This Court has long recognized that “ ‘ “[p]rejudice has been found in situations where the party seeking arbitration allows the opposing party to undergo the types of litigation expenses that arbitration was designed to alleviate.” ’ ” Paw Paw's Camper City, Inc., v. Hayman, 973 So. 2d 344, 349-50 (Ala. 2007) (quoting Hales, 885 So. 2d at 105-06, quoting in turn Morewitz v. West of England Ship Owners Mut. Prot. & Indem. Ass'n, 62 F. 3d 1356, 1366 (11th Cir. 1995)). Prejudice may be found if, for example, “ ‘ “the party seeking the stay [for arbitration] took advantage of judicial discovery procedures not available in arbitration.” ’ ” Kennamer v. Ford Motor Credit Co., 153 So. 3d 752, 761 (Ala. 2014) (quoting Hales, 885 So. 2d at 106, quoting in turn Carcich v. Rederi A/B Nordie, 389 F.2d 692, 696 n. 7 (2d Cir. 1968)). In this case, Dickson incurred substantial time and expense in opposing the HCA entities’ motion to dismiss or, alternatively, for a change of venue and in responding to their opposition to serving subpoenas on several nonparty witnesses, expenses that Dickson would have been spared had the HCA entities sought to invoke their right to arbitration earlier. Dickson also incurred the expense associated with conducting class-related discovery, an expense not necessarily associated with arbitration. The HCA entities’ acts of agreeing to the class discovery/certification scheduling order and pursuing class-related discovery evinced a desire to resolve the dispute in the trial court through litigation rather than arbitration. See Kennamer, 153 So. 3d at 761. Indeed,
“[t]he judicial system was not designed to accommodate a defendant who elects to [forgo] arbitration when it believes that the outcome in litigation will be favorable to it, proceeds with extensive discovery and court proceedings, and then suddenly changes course and pursues arbitration when its prospects of victory in litigation dim. Allowing such conduct would ignore the very purpose of alternative dispute resolution: saving the parties’ time and money.”
Gutierrez v. Wells Fargo Bank, NA, 889 F.3d 1230, 1236 (11th Cir. 2018). The Supreme Court of the United States has proclaimed that in arbitration “parties forgo the procedural rigor and appellate review of the courts in order to realize the benefits of private dispute resolution: lower costs, greater efficiency and speed, and the ability to choose expert adjudicators to resolve specialized disputes.” Stolt-Nielsen S.A. v. AnimalFeeds Int'l Corp., 559 U.S. 662, 685, 130 S.Ct. 1758, 176 L.Ed.2d 605 (2010). In this case, Dickson has already had to undergo the types of litigation expenses that arbitration was designed to alleviate and, thus, has suffered prejudice.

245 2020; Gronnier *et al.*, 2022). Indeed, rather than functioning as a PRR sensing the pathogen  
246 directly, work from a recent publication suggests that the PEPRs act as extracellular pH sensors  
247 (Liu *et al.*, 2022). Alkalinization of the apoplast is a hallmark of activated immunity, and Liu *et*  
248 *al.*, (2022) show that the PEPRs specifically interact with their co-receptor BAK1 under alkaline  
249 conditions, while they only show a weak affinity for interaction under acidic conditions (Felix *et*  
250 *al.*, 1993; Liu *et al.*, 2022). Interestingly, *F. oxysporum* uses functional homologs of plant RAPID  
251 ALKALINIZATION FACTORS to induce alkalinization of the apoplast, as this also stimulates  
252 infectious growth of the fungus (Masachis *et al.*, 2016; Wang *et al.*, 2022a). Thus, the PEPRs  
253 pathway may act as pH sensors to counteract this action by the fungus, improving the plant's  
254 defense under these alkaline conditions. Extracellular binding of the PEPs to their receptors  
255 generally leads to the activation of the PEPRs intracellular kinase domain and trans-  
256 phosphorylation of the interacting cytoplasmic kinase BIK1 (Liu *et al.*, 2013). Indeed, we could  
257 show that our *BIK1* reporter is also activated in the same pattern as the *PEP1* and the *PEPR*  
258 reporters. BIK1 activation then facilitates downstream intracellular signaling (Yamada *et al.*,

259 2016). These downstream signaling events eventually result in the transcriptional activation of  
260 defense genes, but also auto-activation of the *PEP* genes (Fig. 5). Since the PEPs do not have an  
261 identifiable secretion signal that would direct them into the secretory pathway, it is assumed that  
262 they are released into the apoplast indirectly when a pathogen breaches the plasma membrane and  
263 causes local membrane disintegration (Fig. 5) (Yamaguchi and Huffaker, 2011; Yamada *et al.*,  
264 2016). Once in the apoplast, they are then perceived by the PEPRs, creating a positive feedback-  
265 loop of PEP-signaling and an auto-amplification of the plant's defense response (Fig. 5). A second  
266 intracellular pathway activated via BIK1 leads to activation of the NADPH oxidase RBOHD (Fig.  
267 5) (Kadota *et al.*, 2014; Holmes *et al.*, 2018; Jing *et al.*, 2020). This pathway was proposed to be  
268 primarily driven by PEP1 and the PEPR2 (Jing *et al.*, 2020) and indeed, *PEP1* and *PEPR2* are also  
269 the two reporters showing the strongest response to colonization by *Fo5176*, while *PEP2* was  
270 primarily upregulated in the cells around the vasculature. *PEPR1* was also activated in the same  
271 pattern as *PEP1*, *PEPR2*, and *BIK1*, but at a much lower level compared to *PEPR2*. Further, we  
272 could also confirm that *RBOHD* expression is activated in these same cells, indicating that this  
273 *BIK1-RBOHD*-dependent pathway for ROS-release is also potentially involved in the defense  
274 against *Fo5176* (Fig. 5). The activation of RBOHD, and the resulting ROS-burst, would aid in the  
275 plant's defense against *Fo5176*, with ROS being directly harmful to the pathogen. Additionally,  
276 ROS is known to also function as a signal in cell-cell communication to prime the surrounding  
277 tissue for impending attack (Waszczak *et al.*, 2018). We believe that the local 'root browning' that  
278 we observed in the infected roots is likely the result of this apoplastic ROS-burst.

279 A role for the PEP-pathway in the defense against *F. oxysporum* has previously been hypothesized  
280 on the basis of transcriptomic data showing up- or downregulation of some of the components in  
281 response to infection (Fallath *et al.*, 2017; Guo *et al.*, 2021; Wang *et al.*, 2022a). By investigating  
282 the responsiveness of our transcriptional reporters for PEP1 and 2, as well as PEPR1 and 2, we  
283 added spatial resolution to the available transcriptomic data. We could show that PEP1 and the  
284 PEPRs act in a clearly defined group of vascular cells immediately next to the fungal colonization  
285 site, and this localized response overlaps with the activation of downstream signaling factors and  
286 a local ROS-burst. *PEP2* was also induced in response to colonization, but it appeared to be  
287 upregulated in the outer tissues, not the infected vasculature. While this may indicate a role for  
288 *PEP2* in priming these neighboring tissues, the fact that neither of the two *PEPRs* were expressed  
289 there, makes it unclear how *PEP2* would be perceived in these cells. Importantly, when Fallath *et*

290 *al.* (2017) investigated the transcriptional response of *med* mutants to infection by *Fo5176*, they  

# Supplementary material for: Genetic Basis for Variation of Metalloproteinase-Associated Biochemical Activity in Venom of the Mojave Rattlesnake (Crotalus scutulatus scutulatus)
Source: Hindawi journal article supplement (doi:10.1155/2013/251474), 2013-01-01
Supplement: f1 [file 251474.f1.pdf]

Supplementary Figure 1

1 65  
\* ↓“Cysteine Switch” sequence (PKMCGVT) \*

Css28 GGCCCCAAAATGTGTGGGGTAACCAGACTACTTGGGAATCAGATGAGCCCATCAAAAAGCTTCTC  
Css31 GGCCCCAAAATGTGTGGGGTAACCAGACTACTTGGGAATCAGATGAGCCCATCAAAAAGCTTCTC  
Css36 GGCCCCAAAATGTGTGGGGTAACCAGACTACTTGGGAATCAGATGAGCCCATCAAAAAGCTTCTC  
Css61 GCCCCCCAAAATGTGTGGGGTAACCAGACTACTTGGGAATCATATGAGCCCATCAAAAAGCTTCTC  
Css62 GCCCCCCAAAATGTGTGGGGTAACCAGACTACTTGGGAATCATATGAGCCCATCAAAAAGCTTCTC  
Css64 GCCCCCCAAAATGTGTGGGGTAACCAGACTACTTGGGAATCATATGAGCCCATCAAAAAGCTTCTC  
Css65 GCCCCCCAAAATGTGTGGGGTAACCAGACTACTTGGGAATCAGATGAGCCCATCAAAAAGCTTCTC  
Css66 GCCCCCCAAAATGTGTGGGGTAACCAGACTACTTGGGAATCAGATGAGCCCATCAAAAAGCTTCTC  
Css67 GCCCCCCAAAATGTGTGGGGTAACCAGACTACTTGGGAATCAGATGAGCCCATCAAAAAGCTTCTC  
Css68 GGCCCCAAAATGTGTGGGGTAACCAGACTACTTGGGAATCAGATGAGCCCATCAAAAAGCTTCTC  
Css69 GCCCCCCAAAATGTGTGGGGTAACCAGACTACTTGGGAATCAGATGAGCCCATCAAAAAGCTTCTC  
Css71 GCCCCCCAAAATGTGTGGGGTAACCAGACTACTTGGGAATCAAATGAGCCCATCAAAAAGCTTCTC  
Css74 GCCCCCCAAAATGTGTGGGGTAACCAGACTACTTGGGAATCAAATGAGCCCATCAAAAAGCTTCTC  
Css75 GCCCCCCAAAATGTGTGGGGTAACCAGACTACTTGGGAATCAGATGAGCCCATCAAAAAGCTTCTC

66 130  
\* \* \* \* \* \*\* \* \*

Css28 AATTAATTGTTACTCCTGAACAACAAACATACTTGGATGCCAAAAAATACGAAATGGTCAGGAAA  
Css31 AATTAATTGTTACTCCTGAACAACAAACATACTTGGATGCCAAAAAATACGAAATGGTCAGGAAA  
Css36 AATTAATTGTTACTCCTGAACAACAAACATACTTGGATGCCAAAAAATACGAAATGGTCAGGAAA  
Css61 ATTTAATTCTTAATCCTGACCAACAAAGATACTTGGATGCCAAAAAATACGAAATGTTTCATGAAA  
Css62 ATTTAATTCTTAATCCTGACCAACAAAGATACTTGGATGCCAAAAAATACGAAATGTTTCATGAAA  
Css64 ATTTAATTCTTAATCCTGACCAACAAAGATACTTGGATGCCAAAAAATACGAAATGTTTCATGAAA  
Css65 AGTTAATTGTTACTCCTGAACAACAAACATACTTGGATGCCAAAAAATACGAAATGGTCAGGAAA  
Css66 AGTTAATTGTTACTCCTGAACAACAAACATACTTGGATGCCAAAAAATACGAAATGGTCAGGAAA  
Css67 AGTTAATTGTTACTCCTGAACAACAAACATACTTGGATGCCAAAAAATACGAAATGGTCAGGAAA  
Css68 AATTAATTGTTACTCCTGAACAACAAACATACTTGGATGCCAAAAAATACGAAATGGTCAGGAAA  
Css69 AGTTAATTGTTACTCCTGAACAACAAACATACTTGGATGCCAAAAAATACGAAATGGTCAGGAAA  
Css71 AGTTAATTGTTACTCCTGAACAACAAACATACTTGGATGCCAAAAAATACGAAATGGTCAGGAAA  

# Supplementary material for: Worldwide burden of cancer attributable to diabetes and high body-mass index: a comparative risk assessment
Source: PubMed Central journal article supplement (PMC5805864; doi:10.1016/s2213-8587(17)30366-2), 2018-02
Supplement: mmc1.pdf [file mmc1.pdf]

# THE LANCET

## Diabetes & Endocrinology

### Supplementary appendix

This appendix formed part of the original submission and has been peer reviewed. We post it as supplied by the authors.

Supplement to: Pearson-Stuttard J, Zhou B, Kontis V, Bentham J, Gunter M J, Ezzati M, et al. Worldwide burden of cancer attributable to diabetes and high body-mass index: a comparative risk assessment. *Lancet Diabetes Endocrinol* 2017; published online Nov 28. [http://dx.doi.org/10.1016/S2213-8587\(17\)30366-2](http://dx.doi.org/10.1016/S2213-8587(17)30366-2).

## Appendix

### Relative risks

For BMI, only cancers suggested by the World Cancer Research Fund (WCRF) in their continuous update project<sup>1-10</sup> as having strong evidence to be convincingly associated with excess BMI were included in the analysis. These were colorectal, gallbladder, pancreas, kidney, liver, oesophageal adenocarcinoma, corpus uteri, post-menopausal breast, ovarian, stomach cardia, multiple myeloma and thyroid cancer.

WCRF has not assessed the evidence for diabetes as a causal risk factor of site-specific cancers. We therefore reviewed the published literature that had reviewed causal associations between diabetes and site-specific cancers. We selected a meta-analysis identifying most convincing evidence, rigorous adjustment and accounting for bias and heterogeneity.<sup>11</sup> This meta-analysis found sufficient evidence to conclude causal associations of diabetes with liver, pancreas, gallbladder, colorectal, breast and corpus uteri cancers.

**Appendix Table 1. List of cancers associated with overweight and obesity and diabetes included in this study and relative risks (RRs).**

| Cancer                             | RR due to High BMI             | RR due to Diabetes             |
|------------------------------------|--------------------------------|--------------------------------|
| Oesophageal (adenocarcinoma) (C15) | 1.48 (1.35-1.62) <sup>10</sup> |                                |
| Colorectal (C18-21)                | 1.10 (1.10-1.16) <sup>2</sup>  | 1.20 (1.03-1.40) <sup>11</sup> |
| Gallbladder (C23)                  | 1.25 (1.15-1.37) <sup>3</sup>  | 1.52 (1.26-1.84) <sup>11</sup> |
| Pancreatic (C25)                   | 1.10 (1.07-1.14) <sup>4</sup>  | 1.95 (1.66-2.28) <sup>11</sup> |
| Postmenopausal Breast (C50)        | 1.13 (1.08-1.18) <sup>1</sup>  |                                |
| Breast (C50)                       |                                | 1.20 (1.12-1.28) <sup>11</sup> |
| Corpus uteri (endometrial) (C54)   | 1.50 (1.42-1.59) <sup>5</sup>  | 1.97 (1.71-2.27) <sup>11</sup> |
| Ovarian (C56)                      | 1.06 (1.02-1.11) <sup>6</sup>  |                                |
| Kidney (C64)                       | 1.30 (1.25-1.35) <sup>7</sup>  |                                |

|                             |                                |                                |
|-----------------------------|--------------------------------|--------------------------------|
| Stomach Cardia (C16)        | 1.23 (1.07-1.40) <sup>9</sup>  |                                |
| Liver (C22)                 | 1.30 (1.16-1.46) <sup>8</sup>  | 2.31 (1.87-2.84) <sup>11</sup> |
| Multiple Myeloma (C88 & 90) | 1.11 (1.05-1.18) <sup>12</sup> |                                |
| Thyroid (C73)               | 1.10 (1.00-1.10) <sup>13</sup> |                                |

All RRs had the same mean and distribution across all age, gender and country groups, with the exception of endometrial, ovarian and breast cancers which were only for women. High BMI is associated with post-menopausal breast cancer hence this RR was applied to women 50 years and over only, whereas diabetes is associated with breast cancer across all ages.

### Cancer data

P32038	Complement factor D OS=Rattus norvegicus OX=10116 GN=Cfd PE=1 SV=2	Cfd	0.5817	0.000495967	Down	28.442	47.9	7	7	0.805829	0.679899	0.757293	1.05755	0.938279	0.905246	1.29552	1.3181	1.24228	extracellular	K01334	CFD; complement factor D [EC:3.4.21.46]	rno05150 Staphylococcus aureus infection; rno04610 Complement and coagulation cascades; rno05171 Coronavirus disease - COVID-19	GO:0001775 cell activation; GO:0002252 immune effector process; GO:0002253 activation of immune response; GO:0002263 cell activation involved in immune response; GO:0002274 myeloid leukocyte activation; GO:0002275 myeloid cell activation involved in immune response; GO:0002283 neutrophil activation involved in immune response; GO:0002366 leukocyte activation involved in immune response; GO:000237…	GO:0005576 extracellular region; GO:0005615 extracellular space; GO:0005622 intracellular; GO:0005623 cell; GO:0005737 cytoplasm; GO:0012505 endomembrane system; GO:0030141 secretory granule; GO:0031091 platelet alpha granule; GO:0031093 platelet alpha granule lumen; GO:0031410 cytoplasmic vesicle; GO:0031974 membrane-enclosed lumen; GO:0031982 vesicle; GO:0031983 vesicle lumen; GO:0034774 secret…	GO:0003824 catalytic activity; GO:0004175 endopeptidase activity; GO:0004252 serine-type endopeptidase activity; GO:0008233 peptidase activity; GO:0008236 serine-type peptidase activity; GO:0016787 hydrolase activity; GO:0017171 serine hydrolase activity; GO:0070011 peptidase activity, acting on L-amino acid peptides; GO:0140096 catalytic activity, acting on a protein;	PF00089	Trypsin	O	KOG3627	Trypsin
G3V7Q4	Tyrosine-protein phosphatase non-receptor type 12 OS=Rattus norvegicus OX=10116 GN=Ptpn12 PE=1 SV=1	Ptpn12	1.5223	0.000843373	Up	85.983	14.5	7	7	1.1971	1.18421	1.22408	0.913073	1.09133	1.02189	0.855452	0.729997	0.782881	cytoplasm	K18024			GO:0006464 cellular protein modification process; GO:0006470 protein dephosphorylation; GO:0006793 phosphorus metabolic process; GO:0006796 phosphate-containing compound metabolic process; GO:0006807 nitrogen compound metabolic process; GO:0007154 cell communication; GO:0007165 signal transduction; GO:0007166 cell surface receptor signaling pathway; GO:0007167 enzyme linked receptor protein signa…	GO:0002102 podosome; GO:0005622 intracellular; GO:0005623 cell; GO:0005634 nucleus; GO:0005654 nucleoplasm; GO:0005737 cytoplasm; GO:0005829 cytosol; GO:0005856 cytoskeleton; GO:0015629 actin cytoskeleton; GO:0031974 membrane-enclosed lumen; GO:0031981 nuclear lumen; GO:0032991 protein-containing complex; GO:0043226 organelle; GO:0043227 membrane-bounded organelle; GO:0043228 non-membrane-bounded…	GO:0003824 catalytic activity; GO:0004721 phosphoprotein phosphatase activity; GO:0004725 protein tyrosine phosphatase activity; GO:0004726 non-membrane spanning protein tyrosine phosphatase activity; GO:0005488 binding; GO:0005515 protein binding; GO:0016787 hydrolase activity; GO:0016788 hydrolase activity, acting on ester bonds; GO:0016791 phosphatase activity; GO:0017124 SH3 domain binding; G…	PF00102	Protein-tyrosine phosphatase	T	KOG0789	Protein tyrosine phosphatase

For the above-stated reasons, we hold that the HCA entities have substantially invoked the litigation process, to the prejudice of Dickson, and that they have, therefore, waived any right to compel arbitration. Accordingly, the trial court correctly denied the HCA entities’ motion to compel arbitration. Based on our holding, we pretermit discussion of the HCA entities’ other arguments. We affirm the trial court's order denying the HCA entities’ motion to compel arbitration.
1. It appears to this Court that the HCA entities might, in fact, be a single entity; however, in their answer, as well as in numerous other filings in the proceedings below, the HCA entities identified themselves as “The Health Care Authority for Baptist Health, an affiliate of UAB Health System (inappropriately identified in the Complaint as Baptist Health, Inc.),” and “The Health Care Authority of Baptist Health, an affiliate of UAB Health System d/b/a Prattville Baptist Hospital (inappropriately identified in the Complaint as Prattville Baptist Medical Center.)”
2. In their brief to the Court, the HCA entities note that “HCA owns and operates three hospitals (i.e., Baptist Medical Center South, Baptist Medical Center East, and Prattville Baptist Hospital), and each hospital has its own Provider Agreement with Blue Cross.”
3. The HCA entities asserted below that Dickson had improperly identified HCA as BHI in the complaint. See note 1, supra. BHI filed a motion to dismiss the complaint against it, arguing that it was not a proper party; that, in 2005, HCA was formed to own and operate certain hospitals in the Montgomery area, including PBH, after BHI began to face financial difficulties; and that “at no time has [it] engaged in any acts or omissions relevant to the ․ complaint.” That motion was denied. In their appellate brief, the HCA entities state that HCA became the owner of BHI in 2005 and, further, that HCA assumed all duties, obligations, liabilities, and benefits of the provider agreement. Dickson contends that there was never an assignment of the provider agreement to HCA, and that BHI remains a party to the provider agreement. The HCA entities do not raise that issue on appeal, and resolution of that dispute is irrelevant to our resolution of this appeal.
Parker, C.J., and Wise, J., concur. Bolin and Sellers, JJ., concur in the result.
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Docket No: 1190179
Decided: January 15, 2021
Court: Supreme Court of Alabama.